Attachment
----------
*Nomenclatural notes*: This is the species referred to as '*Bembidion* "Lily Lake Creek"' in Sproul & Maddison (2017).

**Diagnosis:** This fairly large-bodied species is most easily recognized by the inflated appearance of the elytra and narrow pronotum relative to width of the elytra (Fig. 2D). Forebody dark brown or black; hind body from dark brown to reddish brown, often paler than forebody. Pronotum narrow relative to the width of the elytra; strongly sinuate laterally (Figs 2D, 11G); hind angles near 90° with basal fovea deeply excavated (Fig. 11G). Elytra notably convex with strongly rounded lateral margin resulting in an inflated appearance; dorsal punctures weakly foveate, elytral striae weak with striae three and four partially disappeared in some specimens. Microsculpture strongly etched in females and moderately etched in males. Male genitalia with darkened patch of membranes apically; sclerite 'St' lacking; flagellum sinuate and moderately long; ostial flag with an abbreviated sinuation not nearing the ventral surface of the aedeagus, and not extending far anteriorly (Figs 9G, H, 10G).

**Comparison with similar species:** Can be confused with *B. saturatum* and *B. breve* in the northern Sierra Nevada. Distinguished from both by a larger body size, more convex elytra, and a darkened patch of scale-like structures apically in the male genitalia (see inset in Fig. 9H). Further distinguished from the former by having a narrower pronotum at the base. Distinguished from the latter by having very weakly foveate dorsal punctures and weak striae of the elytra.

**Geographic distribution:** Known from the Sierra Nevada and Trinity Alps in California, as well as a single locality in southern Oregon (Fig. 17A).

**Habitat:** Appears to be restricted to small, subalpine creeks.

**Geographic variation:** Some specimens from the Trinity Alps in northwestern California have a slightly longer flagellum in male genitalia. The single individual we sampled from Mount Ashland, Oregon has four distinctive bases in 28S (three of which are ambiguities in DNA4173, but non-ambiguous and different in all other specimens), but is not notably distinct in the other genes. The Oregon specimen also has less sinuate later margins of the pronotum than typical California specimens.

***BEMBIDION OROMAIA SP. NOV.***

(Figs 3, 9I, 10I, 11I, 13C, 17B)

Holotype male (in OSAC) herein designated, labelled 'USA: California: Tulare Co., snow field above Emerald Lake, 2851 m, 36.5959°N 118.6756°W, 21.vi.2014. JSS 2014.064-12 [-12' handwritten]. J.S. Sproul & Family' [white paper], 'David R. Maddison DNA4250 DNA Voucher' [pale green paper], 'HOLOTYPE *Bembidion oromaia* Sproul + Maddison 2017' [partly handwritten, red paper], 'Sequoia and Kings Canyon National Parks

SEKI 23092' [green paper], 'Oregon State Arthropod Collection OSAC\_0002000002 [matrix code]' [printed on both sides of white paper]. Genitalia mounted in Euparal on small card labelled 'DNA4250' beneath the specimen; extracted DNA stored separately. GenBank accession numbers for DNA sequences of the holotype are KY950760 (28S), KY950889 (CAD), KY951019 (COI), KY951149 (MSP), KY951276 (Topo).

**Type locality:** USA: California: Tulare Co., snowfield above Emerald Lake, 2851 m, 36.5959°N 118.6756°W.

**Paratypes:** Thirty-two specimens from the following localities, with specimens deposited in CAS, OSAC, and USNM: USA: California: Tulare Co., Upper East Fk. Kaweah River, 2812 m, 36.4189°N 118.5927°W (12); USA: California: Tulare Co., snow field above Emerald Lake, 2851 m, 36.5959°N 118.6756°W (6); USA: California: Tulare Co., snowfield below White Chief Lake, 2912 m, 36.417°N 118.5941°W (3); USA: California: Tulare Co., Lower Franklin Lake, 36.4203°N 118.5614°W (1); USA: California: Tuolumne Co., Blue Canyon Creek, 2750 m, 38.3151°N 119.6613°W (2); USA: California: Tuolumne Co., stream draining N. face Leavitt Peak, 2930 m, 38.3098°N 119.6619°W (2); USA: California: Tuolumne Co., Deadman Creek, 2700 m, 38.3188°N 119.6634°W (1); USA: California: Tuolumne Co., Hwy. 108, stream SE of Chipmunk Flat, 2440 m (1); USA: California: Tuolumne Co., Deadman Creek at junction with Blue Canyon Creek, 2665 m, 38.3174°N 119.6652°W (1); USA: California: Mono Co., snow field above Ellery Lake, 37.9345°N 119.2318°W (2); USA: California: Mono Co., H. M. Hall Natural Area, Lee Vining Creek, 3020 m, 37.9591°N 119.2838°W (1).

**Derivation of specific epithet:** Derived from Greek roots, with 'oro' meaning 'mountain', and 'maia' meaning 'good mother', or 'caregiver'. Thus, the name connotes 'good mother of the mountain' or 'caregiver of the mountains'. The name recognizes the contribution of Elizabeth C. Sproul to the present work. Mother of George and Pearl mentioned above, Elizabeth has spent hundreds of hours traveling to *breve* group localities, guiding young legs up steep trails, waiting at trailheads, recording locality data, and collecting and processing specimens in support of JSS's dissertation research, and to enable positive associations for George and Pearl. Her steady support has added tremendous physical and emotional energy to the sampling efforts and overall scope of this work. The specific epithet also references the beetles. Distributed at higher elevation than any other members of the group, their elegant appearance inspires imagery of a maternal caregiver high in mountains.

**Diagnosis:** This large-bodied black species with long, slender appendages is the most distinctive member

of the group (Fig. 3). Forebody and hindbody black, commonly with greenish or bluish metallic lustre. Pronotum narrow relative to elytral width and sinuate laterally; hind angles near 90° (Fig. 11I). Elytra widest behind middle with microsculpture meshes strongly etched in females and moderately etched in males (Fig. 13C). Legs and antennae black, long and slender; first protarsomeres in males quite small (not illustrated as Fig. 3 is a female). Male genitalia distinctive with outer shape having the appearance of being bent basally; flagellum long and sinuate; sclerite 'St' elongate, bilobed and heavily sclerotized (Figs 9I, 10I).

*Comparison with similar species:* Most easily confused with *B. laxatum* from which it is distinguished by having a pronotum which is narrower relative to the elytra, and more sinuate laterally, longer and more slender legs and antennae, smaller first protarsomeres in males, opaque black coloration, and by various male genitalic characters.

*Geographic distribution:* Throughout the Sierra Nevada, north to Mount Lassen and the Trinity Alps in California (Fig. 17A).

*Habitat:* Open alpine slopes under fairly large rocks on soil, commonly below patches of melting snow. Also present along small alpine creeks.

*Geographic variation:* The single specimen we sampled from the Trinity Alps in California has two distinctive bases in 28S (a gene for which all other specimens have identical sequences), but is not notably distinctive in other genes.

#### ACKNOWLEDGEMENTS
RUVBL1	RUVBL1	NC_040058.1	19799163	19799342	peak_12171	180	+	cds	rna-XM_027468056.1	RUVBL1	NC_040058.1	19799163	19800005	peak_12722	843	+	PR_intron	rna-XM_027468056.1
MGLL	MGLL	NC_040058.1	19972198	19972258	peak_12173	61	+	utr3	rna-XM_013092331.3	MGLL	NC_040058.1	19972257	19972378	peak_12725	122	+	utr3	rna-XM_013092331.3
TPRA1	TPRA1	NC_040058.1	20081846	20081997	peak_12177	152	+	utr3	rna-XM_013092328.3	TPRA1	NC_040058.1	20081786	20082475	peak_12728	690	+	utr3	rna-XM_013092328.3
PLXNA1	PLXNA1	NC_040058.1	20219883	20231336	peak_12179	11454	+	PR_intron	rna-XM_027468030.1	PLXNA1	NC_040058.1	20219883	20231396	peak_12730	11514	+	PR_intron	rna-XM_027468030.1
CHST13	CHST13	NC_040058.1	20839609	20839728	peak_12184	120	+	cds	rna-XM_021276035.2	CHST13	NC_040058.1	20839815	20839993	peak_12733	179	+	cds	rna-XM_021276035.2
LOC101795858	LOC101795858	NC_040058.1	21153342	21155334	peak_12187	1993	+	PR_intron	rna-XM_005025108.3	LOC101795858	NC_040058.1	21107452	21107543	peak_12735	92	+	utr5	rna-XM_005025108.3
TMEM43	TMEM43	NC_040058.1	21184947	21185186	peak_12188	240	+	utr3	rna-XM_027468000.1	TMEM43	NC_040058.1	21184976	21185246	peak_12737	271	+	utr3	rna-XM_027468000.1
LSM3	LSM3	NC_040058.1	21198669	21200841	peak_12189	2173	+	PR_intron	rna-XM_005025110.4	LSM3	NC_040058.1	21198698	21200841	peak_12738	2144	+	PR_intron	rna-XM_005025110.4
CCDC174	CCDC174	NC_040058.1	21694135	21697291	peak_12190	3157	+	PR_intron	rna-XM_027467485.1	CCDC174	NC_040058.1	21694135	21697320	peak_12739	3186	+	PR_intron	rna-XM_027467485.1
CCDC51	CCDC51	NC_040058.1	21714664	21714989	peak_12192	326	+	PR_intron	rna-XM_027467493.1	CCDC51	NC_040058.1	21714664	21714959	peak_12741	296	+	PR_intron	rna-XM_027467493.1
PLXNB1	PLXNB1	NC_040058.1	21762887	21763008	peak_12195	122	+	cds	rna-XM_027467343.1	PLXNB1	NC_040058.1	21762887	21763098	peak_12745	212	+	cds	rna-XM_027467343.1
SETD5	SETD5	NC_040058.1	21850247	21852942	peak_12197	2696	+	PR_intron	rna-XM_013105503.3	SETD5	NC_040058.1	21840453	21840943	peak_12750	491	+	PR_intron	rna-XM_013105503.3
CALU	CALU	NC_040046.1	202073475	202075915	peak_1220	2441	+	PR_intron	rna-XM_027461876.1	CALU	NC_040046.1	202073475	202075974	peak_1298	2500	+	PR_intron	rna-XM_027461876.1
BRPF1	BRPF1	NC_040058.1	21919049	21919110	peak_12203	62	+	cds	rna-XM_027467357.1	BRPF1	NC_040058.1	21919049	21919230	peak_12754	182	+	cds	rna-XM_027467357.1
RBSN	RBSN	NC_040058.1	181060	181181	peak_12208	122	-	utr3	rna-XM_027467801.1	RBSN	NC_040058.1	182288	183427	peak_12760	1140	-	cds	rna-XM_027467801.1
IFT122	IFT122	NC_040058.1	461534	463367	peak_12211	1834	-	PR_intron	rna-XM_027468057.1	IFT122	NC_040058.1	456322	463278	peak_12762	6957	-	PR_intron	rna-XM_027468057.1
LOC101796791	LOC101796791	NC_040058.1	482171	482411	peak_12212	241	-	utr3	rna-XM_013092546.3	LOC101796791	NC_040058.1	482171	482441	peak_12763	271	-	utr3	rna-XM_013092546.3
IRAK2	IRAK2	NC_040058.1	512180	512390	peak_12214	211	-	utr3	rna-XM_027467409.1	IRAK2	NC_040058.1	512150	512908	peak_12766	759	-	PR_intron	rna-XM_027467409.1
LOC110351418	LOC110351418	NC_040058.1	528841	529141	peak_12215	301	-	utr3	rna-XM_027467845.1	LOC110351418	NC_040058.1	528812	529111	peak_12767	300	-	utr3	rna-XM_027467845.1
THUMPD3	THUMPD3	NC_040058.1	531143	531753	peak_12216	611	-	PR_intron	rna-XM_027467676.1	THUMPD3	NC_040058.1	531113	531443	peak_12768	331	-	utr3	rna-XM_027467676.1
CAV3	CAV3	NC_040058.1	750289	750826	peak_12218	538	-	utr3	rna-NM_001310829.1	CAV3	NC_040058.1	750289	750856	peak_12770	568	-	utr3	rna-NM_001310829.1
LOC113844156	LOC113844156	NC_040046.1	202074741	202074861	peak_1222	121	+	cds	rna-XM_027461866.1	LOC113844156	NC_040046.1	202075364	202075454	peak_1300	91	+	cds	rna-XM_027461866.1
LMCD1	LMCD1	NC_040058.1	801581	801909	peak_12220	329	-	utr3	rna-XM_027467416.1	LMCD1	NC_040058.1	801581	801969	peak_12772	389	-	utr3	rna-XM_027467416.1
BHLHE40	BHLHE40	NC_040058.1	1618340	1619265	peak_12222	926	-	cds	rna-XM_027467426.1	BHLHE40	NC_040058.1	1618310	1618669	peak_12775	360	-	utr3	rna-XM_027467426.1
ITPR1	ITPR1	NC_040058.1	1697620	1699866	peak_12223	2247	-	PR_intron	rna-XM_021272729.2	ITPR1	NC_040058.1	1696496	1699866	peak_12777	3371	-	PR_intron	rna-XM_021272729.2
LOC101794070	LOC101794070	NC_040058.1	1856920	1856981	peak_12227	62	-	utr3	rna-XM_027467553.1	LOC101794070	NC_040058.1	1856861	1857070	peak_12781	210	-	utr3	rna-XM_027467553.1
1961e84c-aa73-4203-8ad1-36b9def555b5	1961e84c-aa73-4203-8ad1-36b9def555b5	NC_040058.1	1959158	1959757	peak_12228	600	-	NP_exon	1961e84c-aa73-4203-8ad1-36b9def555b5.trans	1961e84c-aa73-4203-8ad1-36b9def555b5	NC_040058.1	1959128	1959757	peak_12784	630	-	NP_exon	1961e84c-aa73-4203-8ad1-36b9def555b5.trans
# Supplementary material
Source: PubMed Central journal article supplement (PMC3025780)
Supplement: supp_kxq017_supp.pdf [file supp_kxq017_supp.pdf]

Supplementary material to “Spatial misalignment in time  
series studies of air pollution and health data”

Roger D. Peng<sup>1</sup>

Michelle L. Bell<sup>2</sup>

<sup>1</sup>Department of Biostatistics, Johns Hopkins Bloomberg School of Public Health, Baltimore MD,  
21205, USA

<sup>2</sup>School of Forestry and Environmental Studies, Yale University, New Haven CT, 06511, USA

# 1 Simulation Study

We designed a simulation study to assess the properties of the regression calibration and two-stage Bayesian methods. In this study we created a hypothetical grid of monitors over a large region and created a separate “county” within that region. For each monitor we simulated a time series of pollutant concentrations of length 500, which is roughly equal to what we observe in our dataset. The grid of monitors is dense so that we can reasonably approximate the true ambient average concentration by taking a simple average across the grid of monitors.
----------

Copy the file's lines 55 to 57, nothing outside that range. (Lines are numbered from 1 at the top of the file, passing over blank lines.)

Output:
<sup>1</sup>Department of Biostatistics, Johns Hopkins Bloomberg School of Public Health, Baltimore MD,  
21205, USA

<sup>2</sup>School of Forestry and Environmental Studies, Yale University, New Haven CT, 06511, USA